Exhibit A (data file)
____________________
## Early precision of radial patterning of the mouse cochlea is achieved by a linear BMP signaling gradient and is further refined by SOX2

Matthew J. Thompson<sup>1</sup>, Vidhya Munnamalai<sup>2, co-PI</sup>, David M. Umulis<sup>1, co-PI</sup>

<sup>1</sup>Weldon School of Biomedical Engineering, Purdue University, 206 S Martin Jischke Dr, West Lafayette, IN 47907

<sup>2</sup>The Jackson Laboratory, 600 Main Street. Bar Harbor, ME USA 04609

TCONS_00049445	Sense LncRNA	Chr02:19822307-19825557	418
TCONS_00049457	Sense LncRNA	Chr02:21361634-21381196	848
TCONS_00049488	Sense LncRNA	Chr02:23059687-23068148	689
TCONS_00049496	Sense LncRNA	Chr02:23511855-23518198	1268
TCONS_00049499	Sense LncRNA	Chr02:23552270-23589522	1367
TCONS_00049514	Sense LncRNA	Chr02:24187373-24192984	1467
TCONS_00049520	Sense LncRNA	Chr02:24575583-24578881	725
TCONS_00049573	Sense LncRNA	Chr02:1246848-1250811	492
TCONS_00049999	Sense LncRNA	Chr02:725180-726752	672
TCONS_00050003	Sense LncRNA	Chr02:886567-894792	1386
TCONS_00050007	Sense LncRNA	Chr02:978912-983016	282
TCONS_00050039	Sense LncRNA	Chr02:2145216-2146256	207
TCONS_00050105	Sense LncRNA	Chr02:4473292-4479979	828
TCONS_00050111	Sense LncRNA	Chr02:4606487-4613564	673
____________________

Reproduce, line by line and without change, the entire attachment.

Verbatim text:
## Early precision of radial patterning of the mouse cochlea is achieved by a linear BMP signaling gradient and is further refined by SOX2

Matthew J. Thompson<sup>1</sup>, Vidhya Munnamalai<sup>2, co-PI</sup>, David M. Umulis<sup>1, co-PI</sup>

<sup>1</sup>Weldon School of Biomedical Engineering, Purdue University, 206 S Martin Jischke Dr, West Lafayette, IN 47907

<sup>2</sup>The Jackson Laboratory, 600 Main Street. Bar Harbor, ME USA 04609

TCONS_00049445	Sense LncRNA	Chr02:19822307-19825557	418
TCONS_00049457	Sense LncRNA	Chr02:21361634-21381196	848
TCONS_00049488	Sense LncRNA	Chr02:23059687-23068148	689
TCONS_00049496	Sense LncRNA	Chr02:23511855-23518198	1268
TCONS_00049499	Sense LncRNA	Chr02:23552270-23589522	1367
TCONS_00049514	Sense LncRNA	Chr02:24187373-24192984	1467
TCONS_00049520	Sense LncRNA	Chr02:24575583-24578881	725
TCONS_00049573	Sense LncRNA	Chr02:1246848-1250811	492
TCONS_00049999	Sense LncRNA	Chr02:725180-726752	672
TCONS_00050003	Sense LncRNA	Chr02:886567-894792	1386
TCONS_00050007	Sense LncRNA	Chr02:978912-983016	282
TCONS_00050039	Sense LncRNA	Chr02:2145216-2146256	207
TCONS_00050105	Sense LncRNA	Chr02:4473292-4479979	828
TCONS_00050111	Sense LncRNA	Chr02:4606487-4613564	673